How ESCOs Deliver Energy Cost Savings


Performance Contracting

How ESCOs Deliver Energy Cost Savings


Few things in life are guaranteed. That's where energy service companies come in.

ESCOs operate on an intriguing premise: They can analyze a facility's energy performance and recommend upgrades to achieve savings that will, in effect, fund those improvements—guaranteed.

Here's how it works. An organization and an ESCO enter a performance contract wherein funds for infrastructure improvements are secured through energy cost savings gleaned from high-efficiency HVAC systems, LED lighting, solar panels, and other measures the ESCO proposes. These are long-term contracts during which the ESCO monitors the building's energy consumption over 10, 15, or 25 years to ensure the projected savings are met. ESCOs coordinate with existing contractors, engineers, and architects who may be familiar with the building's operational characteristics and needs.

For organizations that do not have immediate access to capital, an ESCO can be a smart alternative, if not their only option. That's why ESCOs primarily work for public institutions, which are often tasked with meeting strict energy mandates but lack the cash for needed improvements.

"Mandates drive the industry," said Timothy Unruh, executive director of the National Association of Energy Service Companies. "So, the building owners have to figure out how they're going to reduce consumption and still meet their budget."

Because taxpayers won't likely vote for, say, a new boiler room for a country building, government agencies tap ESCOs to find ways to fund energy-efficient retrofits.

It's a growing field, as more buildings pursue LEED certification and zero-net-energy performance. In other cases, the reality of malfunctioning equipment and poor occupant comfort spur an ESCO project. Such was the case with Shepherd University.


College goes all in on ESCO

Shepherd University is a state university in Shepherdstown, W.Va. Because student fees fund infrastructure improvements, the school didn't have the resources for sorely needed mechanical upgrades.

The university contracted CMTA to audit the campus for its biggest pain points. The mechanical-electrical-and-plumbing firm identified four buildings overdue for renovations, beginning with the Butcher Athletic Center, the campus' largest energy offender. Built in 1989, the 80,000-square-foot facility still relied on its original HVAC equipment of split system air conditioning with electric heat strips and a large, packaged rooftop until that ran 24 hours a day lest it fail to overcome temperature differentials between cycles.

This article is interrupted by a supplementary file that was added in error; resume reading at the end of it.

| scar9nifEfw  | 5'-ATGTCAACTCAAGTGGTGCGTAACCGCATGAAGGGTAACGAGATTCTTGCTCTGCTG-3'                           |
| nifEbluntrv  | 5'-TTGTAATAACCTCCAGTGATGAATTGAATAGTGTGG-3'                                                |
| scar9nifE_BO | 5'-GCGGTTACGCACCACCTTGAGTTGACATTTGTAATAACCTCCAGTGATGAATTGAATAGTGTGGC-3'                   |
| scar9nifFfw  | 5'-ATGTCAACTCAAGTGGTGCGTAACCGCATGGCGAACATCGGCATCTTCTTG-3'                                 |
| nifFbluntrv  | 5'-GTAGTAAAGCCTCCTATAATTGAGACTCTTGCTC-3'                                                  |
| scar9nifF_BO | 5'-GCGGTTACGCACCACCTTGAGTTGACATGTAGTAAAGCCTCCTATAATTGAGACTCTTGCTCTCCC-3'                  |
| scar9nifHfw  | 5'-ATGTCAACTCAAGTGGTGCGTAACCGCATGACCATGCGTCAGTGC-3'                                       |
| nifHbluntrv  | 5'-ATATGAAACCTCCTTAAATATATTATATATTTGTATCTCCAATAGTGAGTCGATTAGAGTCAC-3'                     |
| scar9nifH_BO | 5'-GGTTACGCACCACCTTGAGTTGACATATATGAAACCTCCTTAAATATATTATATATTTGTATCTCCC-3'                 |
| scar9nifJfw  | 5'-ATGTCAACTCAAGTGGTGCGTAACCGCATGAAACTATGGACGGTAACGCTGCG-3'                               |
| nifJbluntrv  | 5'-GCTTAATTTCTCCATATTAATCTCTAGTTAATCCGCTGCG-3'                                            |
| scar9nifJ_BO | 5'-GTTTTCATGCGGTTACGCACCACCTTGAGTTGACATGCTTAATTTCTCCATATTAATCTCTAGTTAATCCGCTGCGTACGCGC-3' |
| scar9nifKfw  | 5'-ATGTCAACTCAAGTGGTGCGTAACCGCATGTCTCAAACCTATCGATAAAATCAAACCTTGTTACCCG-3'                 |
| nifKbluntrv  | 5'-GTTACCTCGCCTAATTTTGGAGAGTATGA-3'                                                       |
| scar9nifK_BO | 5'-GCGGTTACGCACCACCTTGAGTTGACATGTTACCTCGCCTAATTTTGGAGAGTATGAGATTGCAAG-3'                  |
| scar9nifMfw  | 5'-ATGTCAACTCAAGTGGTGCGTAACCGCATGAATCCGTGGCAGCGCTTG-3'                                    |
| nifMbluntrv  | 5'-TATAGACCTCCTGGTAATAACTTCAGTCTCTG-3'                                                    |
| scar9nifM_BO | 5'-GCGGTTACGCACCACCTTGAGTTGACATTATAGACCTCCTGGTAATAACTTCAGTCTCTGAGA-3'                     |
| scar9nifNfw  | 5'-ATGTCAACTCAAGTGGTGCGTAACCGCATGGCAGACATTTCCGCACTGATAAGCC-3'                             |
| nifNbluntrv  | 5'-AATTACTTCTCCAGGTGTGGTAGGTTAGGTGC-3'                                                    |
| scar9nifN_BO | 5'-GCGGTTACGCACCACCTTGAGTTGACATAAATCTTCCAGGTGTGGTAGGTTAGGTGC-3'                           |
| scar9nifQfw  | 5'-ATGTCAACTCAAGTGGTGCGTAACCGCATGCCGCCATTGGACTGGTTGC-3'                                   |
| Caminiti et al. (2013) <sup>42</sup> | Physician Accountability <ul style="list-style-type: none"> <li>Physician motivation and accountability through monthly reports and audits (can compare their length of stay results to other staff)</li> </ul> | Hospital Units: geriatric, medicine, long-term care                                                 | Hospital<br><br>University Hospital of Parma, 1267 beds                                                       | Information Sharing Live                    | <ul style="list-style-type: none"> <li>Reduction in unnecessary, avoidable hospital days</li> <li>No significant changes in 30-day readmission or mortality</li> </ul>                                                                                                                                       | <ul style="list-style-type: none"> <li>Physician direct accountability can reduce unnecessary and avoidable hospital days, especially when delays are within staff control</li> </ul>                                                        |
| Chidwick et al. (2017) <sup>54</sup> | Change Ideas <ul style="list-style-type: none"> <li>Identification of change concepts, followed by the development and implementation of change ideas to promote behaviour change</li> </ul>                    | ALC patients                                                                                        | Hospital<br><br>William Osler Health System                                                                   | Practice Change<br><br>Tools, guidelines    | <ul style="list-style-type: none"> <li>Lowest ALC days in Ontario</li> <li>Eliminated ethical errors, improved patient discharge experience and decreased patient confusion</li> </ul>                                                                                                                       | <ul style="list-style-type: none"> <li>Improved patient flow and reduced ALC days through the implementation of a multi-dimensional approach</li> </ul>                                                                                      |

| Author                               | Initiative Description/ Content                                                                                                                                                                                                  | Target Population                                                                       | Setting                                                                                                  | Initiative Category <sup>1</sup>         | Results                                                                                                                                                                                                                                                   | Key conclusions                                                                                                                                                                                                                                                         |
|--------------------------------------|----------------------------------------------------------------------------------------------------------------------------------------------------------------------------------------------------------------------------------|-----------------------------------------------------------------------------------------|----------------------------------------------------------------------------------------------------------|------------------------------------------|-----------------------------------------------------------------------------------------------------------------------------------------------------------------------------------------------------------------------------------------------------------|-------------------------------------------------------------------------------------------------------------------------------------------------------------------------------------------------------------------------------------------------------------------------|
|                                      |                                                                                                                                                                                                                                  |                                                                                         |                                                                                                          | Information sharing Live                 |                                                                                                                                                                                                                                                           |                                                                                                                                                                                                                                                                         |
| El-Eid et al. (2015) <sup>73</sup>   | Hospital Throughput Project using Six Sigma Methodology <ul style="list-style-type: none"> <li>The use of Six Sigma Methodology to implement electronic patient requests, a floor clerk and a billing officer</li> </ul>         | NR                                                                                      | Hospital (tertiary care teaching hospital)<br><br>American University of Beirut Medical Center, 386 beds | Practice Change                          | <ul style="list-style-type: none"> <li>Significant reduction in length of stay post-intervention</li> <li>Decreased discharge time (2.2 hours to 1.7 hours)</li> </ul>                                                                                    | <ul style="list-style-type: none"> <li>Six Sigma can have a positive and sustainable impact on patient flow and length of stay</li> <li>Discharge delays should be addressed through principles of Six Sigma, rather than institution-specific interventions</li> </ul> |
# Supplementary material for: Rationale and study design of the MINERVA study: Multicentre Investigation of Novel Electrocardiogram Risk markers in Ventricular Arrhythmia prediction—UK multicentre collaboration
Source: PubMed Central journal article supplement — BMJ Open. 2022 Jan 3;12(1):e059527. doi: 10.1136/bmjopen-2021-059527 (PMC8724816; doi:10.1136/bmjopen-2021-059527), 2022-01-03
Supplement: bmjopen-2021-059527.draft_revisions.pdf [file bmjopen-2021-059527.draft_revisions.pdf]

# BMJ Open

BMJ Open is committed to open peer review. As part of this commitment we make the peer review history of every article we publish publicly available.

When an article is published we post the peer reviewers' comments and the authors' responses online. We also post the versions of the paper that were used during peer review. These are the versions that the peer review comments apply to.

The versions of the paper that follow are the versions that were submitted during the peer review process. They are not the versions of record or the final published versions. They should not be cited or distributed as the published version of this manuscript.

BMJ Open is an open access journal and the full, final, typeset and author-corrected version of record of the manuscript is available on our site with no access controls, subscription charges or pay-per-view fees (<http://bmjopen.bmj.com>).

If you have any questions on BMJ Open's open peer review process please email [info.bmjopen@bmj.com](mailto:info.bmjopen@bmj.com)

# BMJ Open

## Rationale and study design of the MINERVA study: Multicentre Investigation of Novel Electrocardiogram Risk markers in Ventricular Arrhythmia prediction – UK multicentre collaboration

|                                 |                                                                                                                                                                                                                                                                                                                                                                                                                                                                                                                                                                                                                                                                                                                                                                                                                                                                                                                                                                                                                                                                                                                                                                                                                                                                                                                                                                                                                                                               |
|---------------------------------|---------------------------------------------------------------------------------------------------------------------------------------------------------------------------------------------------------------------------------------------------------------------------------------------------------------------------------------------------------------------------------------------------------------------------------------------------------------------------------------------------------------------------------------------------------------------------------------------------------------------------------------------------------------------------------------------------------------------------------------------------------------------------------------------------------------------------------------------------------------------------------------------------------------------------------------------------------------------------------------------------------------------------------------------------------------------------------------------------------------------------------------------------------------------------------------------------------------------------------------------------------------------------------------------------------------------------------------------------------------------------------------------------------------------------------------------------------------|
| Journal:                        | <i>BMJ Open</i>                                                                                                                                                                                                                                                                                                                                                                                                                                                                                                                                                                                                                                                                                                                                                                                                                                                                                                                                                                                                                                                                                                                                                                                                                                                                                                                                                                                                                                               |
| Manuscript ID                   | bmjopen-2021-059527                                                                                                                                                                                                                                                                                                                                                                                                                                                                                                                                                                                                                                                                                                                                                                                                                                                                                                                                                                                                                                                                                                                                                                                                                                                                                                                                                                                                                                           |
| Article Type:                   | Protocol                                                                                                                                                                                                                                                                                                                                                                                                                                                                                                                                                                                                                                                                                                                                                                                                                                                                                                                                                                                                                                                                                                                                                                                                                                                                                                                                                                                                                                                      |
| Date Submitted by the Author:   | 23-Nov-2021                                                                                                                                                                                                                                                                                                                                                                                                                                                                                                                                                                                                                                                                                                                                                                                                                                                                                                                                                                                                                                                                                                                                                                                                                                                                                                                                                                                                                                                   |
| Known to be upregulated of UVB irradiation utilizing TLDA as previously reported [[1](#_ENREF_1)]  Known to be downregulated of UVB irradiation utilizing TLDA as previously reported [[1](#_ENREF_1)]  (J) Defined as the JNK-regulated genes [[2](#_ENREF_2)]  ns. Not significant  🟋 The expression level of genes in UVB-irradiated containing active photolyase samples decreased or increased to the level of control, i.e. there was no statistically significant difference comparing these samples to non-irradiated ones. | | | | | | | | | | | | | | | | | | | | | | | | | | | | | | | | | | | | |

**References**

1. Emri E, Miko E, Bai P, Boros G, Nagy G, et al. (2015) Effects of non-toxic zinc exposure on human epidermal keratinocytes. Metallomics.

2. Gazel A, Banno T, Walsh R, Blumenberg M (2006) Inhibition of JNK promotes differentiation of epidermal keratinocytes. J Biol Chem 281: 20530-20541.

“The majority of it had failed,” says John Goodin, CMTA’s principal engineer and project manager. “It probably didn’t work from the start, to be honest with you, because they had these big split-system air handlers that had really long line lengths.” Long piping lengths can minimize HVAC efficiency.

CMTA overhauled the facility’s space heating, installing a four-pipe hydronic HVAC system with an air-cooled chiller and a central plant of condensing boilers served by two 1,000-gallon underground propane tanks. The building also has a new automation system and controls, and a dedicated rooftop air handling unit serving the gym.

When it came to considering a heat source, CMTA and university officials weighed their options. Shepherdstown is out of reach of the nearest natural gas supplier, and heating oil was deemed too pricey. They considered a geothermal heat pump system, but the region’s geography wasn’t ideal. Plus, such a system would not accommodate zoned temperature control. That’s how they landed on a clean-burning alternative fuel.

“Propane made a lot of sense for heating a big gym building,” Goodin says.


Crunching the numbers

ESCOs use an energy use intensity score, which measures a building’s annual energy consumption per square foot of floor space, to establish a baseline performance measure. CMTA assigned the Butcher Athletic Center a pre-project EUI of 66.

Goodin didn’t anticipate that the number would change much with the energy improvements. That’s because half of the old HVAC equipment didn’t work, resulting in an artificially low EUI. With a new, fully operational system, Goodin figured the number would remain roughly the same. So, he was surprised when CMTA came back with a post-project EUI of 47.5, which equals a total energy cost savings of $45,392 a year.

“We didn’t think it would be much of an energy savings proposition … but we effectively decreased [the university’s] utility bills by 31% in the first year,” Goodin says.

The savings go beyond lower energy costs. Goodin estimates the school was spending $30,000 to $50,000 in annual HVAC repairs. That’s more money that can fund additional improvements: The renovated gym is the first phase of a $6.5 million project that guarantees more than $400,000 in annual energy savings across the campus with an ROI within 15 years.


This article was originally published in Architect Magazine